Sunday, 14 October 2012

What does it take to be the person you want to be?

Some would argue experiences open you up to new things...
...others might argue it's what stops you from experiencing them.

There's one thing I know more than anything else - people's brains are really bloody complex.
If they weren't we'd have this neurology stuff licked, we'd as a result cure epilepsy too. But it's not the case.

The epilepsy I had centred in an area where fear was triggered from. The result: The most complex, potent, non specific fear anyone could ever possibly describe. To have these petit-mal auras up to a dozen times a day wasn't unusual.
Thankfully for my longer term heath, they were exactly that. Non specific.

If you experience something which was unpleasant, then I wonder if you develop a fear to explore it again because is was specific? Maybe the fact just is, that, if you're open to new experiences, then you take a risk. You essentially open yourself up so something which could be potentially unpleasant.

It poses an interesting question, which magnified, arguably is one of the biggest questions people with epilepsy have to ask themselves on a regular basis.
- Do you open yourself up to an experience and risk unpleasant repercussions in the hope you never have to experience them, or do you never have the experiences at all?
The risks are magnified to some extent for people with epilepsy. You could have a seizure crossing the road to get to a new place you've never been before, but if you lived in a padded room incase you had that seizure, then you'll never experience anything new in your life at all.

The fact is that if you didn't take some risks, not only would you not know who the person you wanted to be was, you'd never realise your potential to be the person you do want to be.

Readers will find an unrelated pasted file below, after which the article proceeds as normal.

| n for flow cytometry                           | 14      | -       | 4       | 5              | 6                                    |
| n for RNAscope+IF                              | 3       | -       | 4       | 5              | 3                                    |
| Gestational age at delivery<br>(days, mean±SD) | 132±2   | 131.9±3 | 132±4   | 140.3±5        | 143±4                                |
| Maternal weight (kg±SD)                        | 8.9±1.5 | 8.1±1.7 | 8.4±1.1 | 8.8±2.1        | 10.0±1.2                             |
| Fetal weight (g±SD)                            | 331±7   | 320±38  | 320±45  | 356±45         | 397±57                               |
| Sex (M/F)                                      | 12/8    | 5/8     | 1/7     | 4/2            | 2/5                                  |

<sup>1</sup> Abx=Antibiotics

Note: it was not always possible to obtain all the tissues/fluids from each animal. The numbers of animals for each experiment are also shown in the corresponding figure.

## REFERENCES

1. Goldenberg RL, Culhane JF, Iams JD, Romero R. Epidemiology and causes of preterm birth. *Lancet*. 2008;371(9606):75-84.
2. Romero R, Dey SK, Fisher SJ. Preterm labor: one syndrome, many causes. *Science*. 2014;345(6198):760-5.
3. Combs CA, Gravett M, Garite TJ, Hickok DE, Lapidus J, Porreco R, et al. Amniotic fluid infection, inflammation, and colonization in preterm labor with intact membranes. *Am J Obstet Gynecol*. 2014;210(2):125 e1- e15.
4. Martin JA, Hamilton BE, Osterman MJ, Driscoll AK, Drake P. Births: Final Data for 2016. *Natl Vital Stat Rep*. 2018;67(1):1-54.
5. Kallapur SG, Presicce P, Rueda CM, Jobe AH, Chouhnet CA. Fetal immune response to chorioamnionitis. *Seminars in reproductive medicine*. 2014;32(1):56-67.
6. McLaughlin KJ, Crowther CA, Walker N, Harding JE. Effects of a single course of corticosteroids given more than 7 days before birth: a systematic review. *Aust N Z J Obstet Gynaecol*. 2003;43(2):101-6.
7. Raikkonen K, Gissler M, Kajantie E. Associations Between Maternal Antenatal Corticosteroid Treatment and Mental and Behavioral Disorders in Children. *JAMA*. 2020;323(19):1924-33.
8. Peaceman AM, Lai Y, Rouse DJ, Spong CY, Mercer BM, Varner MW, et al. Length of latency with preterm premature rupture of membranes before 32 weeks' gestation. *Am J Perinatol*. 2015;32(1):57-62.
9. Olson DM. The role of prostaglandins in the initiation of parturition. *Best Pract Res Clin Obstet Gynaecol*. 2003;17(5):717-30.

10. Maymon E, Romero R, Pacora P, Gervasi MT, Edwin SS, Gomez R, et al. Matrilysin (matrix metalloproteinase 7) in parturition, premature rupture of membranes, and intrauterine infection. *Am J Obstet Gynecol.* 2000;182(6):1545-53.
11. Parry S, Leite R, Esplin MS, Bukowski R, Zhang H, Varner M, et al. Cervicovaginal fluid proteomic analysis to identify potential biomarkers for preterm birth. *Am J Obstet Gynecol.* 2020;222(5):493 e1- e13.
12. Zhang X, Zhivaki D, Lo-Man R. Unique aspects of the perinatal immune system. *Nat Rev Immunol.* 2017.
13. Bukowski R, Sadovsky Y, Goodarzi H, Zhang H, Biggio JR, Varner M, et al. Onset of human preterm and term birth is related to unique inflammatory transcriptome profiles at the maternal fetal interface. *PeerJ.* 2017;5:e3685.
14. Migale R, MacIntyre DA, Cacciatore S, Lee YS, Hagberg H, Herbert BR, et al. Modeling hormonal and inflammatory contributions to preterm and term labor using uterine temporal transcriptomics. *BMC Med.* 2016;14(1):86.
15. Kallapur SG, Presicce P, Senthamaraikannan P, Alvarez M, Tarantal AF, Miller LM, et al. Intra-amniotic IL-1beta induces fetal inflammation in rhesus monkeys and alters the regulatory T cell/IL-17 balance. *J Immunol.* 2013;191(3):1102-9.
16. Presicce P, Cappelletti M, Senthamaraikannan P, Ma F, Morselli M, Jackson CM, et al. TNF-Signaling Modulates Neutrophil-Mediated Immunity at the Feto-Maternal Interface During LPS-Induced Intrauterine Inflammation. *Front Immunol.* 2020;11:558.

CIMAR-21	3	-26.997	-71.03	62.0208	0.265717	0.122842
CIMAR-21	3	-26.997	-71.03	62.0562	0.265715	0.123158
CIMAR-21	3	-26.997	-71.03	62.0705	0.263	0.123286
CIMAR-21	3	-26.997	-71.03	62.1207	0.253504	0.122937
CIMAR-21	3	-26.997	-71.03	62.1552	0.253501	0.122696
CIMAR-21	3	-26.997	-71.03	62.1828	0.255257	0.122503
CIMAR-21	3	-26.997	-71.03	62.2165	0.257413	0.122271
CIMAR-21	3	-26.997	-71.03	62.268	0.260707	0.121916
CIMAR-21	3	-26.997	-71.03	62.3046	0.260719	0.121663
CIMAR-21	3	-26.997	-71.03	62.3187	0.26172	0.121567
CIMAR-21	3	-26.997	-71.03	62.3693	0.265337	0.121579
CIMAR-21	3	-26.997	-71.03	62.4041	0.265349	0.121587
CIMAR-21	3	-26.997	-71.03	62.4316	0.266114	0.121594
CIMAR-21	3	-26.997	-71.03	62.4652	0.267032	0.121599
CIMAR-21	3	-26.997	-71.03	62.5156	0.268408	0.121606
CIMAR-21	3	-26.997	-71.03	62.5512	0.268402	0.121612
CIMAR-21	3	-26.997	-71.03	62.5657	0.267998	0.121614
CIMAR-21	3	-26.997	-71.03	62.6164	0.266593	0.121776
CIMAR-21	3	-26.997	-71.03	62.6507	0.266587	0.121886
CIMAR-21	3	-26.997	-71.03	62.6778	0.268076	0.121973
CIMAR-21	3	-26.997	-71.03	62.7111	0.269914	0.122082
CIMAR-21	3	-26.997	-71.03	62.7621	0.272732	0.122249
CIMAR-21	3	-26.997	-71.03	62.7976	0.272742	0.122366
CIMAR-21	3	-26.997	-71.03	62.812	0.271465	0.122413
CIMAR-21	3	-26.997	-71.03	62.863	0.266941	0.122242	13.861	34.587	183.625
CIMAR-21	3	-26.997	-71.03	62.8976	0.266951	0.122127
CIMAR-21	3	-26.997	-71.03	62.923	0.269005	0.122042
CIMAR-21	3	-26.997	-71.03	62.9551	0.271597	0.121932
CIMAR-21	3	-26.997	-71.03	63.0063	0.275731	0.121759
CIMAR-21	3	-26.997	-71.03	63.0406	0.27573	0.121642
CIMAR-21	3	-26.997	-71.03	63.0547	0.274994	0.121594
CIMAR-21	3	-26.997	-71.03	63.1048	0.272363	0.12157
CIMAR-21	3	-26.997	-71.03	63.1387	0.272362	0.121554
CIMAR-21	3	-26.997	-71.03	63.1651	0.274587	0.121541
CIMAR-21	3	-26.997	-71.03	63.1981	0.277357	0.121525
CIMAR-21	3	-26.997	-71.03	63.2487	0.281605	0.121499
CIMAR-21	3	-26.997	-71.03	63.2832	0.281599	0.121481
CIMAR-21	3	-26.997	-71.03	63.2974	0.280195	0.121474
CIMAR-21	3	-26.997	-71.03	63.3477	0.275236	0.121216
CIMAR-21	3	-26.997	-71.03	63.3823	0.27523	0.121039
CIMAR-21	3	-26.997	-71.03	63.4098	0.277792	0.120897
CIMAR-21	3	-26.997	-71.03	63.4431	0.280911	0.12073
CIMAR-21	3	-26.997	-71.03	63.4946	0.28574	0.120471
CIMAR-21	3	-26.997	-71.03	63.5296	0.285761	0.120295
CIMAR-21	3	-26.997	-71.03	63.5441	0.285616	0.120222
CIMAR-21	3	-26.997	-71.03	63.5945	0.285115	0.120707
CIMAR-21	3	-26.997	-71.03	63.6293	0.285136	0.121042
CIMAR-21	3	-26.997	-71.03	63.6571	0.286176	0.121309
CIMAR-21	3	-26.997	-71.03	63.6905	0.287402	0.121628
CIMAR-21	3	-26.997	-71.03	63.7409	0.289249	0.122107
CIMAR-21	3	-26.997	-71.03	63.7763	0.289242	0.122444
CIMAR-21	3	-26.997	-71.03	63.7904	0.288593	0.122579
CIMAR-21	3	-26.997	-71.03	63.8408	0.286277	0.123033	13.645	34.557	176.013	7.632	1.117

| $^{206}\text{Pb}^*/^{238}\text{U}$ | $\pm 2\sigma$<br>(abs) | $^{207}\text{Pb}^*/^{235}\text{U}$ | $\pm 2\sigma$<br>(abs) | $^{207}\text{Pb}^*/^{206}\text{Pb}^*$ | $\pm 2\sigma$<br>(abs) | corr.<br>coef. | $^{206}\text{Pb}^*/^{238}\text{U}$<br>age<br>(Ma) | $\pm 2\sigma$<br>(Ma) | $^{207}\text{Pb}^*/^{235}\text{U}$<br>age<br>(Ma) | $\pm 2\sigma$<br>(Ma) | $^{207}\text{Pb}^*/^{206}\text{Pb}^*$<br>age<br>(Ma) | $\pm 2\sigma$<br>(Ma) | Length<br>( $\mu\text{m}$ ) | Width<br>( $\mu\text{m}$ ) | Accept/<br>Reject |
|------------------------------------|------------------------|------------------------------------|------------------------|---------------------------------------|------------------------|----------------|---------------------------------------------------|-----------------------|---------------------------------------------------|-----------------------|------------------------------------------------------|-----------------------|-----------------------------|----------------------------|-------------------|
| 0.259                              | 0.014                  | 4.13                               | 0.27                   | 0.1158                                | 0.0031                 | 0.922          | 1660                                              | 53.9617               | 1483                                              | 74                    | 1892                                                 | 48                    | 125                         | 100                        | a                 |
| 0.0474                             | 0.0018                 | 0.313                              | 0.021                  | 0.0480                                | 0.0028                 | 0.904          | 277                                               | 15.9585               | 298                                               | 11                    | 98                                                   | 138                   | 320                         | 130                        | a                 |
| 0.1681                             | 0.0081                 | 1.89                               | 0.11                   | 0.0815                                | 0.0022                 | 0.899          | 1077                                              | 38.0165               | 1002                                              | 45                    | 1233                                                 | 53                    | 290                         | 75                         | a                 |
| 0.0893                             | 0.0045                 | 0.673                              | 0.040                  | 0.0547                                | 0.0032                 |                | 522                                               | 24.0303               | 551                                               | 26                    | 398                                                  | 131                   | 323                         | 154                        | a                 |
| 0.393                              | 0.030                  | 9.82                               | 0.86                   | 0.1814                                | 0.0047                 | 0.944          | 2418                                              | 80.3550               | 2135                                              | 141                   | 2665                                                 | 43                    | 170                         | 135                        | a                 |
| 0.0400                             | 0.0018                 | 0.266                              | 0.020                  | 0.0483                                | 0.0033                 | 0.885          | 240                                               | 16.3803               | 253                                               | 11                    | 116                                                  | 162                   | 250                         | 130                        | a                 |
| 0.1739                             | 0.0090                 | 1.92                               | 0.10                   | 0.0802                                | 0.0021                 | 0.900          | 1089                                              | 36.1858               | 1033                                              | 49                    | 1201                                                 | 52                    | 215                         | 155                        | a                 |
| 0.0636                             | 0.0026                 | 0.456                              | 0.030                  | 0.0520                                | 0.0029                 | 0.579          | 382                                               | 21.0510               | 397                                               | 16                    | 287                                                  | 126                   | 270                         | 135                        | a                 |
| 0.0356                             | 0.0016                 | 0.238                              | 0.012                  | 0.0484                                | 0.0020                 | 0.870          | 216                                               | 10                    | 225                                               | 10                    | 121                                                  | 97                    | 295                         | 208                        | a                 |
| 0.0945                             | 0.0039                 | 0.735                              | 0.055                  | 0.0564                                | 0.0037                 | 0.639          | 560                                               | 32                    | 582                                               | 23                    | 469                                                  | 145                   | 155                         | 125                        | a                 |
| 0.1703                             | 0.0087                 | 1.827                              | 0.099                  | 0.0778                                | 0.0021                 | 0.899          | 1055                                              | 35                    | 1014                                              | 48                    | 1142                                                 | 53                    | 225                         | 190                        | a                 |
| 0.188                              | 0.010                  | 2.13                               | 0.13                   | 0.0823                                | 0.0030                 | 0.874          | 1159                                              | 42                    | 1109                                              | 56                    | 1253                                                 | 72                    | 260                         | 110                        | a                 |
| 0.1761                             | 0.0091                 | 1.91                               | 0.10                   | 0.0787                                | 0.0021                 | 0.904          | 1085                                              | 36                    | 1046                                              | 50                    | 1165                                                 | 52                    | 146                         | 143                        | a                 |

We all overcome fear, be it as someone with petit-mal auras, or someone overcoming the fear of a more specific experience recurring. It's that, that maybe even in a small way means we can start to become the people we want to be by giving ourselves new opportunity to be open to new experiences.
It might be a simple as crossing the road, to end up opening a door for an elderly person - maybe you just want to help and that's the person you want to be. It could be as complex as letting our guard down, letting someone truly into our lives so that you become somebody's Mr or Mrs Right. Maybe the person you want to be is a mother or father, a husband or a wife.

Life is full of risks, but it's also full of reward too. The simple fact is we will all have to overcome the fear of an experience happening or recurring that is unpleasant at some point in our lives, in order to make sure we create an opportunity to be who we want to be. But there's one rule which I think everyone should go by...

When we experience unpleasantness in our lives, the trick is to get back on the bike!

Friday, 5 October 2012

The risk and then the reality